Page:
It tastes like flowers and feels like a live wire; no pantry should be without it. In a new food column, Jon Fasman considers Sichuan peppers …
Special to MORE INTELLIGENT LIFE
Special to MORE INTELLIGENT LIFE
There are many drawbacks to becoming a food writer—money and fatness spring to mind. But they all pale in comparison to the problem of translation. When food delights it does not delight in words; it delights in a way that exceeds, or slips past, or twists around words. People who write about music have this same problem, which is why both fields seem to turn out so many gossipy profiles: you can’t describe a transcendent song or dish, but you can easily describe the marital or financial peccadilloes of the person who created them. A meal is usually memorable for reasons ancillary to the food—the company, or the setting—but even when the food itself is memorable, memory calcifies it. It is a rare taste that breaks through the film of words.
All of this is by way of saying that about six years ago I sat down with three others for the full ten-course parade at Per Se, complete with wine pairings. I remember the austere but elegant restaurant, the way that around course five the meal tipped from Lucullan into some sort of strange performance art, but I can recall only one taste from the fifty or so dishes we tried that night: a single shortbread cookie, around the size of a domino, flavoured with Sichuan pepper and served as a companion to some sort of warm-spice ice-cream (cinnamon, I think, though it could have been anise or nutmeg).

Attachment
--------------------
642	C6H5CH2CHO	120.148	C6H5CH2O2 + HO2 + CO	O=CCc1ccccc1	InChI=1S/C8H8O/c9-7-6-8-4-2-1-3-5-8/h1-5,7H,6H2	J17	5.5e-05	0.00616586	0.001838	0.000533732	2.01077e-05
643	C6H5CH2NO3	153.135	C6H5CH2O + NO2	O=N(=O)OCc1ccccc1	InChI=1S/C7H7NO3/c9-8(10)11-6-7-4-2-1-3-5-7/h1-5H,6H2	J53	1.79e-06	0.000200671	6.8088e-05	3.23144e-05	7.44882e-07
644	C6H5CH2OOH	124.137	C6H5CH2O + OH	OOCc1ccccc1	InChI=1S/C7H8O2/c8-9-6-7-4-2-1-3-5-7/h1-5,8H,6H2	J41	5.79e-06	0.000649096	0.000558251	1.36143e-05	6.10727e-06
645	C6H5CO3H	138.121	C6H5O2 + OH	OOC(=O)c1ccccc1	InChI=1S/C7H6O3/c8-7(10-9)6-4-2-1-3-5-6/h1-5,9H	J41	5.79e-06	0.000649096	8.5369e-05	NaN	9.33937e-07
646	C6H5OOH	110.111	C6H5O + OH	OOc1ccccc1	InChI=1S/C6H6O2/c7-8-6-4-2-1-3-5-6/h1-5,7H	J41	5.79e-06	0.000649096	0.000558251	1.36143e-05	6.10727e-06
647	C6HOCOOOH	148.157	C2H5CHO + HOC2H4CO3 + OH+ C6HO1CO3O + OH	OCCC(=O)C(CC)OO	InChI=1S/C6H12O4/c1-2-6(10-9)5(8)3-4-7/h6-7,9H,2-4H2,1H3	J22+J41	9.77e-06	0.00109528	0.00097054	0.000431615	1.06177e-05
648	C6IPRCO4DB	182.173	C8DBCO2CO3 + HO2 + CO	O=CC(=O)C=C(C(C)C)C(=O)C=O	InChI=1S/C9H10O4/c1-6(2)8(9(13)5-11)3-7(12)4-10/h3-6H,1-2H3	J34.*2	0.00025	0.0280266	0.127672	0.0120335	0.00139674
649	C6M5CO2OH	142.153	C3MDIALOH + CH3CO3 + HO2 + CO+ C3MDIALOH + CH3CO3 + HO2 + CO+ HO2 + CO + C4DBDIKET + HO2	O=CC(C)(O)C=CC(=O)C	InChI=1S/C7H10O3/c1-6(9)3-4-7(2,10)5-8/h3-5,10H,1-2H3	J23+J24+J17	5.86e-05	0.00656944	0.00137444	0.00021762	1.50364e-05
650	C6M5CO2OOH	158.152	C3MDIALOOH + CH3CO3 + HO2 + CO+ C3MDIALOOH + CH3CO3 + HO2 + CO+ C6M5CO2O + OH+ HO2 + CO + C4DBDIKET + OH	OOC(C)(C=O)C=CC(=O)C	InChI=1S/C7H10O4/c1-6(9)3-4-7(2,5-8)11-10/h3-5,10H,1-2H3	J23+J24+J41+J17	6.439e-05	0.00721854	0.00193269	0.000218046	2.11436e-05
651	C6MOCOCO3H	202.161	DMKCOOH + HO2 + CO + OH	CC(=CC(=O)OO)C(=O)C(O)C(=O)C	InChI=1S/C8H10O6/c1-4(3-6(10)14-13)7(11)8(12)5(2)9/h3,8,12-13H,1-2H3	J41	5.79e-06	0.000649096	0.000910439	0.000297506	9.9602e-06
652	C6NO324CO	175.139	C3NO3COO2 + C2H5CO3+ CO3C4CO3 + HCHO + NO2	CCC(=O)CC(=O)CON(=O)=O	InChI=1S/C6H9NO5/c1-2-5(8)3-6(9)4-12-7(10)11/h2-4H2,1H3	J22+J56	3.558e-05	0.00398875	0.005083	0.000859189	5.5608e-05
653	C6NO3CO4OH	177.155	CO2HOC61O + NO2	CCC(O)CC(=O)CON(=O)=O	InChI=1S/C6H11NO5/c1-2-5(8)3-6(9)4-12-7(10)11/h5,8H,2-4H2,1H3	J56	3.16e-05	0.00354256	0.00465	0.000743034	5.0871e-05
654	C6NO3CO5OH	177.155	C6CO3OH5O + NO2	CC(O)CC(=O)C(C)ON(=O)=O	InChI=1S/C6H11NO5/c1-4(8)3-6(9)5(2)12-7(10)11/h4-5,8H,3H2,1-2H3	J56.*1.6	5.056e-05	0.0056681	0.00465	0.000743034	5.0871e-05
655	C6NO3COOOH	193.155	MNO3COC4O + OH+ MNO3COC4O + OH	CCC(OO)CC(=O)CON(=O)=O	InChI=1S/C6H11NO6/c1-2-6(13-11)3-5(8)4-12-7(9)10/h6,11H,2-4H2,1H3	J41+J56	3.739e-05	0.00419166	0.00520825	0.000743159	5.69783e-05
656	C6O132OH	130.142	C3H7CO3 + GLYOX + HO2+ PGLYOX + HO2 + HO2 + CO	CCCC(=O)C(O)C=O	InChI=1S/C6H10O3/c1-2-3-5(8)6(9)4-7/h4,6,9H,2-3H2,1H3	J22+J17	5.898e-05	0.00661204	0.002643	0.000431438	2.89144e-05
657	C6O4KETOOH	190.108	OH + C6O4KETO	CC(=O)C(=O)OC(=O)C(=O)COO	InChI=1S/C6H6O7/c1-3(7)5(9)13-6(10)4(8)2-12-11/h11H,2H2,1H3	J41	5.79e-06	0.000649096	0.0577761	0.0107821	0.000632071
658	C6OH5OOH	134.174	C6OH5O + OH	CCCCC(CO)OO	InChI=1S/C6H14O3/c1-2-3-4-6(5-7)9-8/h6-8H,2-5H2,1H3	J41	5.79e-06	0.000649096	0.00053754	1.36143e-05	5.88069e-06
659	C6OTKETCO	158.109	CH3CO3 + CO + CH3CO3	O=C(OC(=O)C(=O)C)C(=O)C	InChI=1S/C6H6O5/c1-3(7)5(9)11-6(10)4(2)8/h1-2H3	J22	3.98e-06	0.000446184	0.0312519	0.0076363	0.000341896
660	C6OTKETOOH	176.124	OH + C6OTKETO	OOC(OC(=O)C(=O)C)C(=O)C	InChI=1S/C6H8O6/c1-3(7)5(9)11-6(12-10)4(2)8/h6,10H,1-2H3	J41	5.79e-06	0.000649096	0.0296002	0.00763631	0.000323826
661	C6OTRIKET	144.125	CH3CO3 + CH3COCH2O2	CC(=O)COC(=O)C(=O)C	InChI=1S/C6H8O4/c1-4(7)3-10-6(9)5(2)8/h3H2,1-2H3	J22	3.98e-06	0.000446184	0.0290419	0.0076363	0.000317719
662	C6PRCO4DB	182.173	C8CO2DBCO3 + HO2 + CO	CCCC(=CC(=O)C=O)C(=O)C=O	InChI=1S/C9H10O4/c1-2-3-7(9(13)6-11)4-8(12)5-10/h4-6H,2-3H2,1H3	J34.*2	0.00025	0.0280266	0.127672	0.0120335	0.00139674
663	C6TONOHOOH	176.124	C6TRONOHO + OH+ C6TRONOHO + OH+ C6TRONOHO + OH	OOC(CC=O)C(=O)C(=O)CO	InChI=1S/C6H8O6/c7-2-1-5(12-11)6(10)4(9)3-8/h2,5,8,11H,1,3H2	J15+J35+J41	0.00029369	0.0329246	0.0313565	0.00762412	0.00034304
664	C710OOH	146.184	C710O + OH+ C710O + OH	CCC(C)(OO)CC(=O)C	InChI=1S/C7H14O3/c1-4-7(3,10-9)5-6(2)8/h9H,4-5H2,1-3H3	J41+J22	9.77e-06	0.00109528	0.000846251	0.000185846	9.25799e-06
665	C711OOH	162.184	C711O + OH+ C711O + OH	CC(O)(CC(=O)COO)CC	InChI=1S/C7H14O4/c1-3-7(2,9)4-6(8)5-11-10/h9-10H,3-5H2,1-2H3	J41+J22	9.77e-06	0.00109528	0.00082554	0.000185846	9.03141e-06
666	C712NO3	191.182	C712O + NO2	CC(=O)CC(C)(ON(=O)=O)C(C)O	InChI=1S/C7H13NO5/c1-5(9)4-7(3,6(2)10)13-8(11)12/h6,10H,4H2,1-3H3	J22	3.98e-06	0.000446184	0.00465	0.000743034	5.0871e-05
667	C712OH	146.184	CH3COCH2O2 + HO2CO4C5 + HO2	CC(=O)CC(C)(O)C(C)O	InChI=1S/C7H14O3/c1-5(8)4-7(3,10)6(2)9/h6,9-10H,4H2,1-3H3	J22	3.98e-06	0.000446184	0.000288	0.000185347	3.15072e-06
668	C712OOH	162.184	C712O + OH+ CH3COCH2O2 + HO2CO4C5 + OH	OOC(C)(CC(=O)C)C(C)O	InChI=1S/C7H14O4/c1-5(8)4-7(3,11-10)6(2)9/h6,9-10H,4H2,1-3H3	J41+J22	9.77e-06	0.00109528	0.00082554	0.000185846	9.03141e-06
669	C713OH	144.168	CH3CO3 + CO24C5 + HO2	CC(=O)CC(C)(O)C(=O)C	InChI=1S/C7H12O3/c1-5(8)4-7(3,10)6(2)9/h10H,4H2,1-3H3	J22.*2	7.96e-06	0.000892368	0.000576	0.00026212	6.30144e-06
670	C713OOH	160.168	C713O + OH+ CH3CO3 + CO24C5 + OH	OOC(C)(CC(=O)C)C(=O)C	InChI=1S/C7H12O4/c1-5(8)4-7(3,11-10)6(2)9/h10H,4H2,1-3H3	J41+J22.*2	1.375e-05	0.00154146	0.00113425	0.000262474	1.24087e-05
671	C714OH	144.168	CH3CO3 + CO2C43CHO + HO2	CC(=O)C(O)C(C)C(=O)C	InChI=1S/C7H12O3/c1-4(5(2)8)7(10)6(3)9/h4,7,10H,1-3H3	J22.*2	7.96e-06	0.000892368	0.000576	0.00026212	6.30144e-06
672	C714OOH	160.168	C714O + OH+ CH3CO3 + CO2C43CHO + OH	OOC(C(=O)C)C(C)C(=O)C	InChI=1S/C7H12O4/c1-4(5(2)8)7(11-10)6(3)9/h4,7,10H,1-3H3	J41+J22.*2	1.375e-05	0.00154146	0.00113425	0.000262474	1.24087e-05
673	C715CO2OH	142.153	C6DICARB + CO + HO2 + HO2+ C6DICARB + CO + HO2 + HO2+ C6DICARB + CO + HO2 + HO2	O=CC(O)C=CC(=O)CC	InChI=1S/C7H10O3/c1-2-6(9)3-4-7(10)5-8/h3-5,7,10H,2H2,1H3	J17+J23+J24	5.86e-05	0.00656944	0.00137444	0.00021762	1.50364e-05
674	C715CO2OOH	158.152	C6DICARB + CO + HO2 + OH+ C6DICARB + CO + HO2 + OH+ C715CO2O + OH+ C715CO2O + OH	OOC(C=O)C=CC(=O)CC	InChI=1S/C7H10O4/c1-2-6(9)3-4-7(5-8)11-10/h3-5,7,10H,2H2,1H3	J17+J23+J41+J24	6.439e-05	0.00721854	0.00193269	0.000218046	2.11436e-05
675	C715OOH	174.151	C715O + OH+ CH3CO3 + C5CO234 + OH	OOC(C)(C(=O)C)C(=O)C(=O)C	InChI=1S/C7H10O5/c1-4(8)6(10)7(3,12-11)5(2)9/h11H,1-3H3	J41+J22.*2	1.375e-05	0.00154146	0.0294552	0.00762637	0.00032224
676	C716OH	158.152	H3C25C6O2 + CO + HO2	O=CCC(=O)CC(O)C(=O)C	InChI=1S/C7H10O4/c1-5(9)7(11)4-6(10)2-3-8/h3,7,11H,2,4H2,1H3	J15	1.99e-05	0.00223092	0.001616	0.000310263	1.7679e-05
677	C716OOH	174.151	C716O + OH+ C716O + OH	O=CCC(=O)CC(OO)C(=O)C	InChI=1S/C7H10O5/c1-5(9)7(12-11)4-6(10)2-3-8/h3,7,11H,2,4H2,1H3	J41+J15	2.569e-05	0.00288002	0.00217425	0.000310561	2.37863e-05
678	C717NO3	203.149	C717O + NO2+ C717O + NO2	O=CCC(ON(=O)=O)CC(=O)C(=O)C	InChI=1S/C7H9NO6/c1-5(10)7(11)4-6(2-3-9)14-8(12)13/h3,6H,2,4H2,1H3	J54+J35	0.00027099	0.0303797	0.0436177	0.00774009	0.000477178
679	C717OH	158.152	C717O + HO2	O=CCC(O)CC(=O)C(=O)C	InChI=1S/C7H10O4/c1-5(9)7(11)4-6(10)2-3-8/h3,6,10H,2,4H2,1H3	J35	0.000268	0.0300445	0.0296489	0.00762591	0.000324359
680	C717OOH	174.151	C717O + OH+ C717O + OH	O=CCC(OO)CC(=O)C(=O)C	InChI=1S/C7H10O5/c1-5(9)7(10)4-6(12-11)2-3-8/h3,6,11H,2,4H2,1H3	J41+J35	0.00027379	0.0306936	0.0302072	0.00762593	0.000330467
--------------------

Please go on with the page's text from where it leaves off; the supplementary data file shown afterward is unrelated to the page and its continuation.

That was not my first taste of the spice: its more familiar habitat, as its name suggests, is in the cuisine of south-western China. New York’s Grand Sichuan restaurants have made their reputation largely through liberal use of Sichuan peppercorns and dried chillies. And Peter Chang—a prodigiously gifted and famously itinerant genius of Sichuanese cuisine—has been the subject of Mash notes from more exalted food writers than I (such as Todd Kliman and Calvin Trillin), largely for his expert use of the spice. Mr Chang seems to have made Atlanta his home. This is where I now live, as a correspondent for The Economist, and a few months back, at a strip-mall restaurant in the strip-mall suburb of Marietta, he made us a palate-blowing Sichuanese meal. Three dishes linger: an uncharacteristically austere, almost haunting soup of sea bass and pickled mustard greens; “hot and numbing” cured beef; and an immense plate of prawns deep-fried with a tangle of leeks, chilies and candied orange peel, dusted with roasted Sichuan pepper.
That spice is what makes Sichuanese food so unusual, addictive and different in physical sensation from any other cuisine. It is called a pepper because it looks like a peppercorn. In fact, the Sichuan pepper is a dried ash-plant berry, from a family of evergreens related to citrus trees and unrelated to Piper negrum, which produces black and white pepper. Its close relationship to citrus trees kept it out of the United States for decades: it was believed capable of carrying citrus canker, a bacterial disease harmless to people but capable of decimating citrus crops. The ban ended in 2005 as long as any imported Sichuan pepper is heated to kill any potential citrus canker.
Unlike traditional peppers—either of the black and white or the capsicum (chili) variety—it produces no heat; instead, it has an intensely floral taste and produces a tingling, numbing sensation on the tongue. (The anaesthetic property is strong enough that Sichuan peppercorn plants were often used to relieve the pain of toothache; a particular compound in the plant targets two types of anaesthetic-sensitive neuron). For that reason it pairs well with chilies: the chili sears your tongue and the peppercorn numbs it.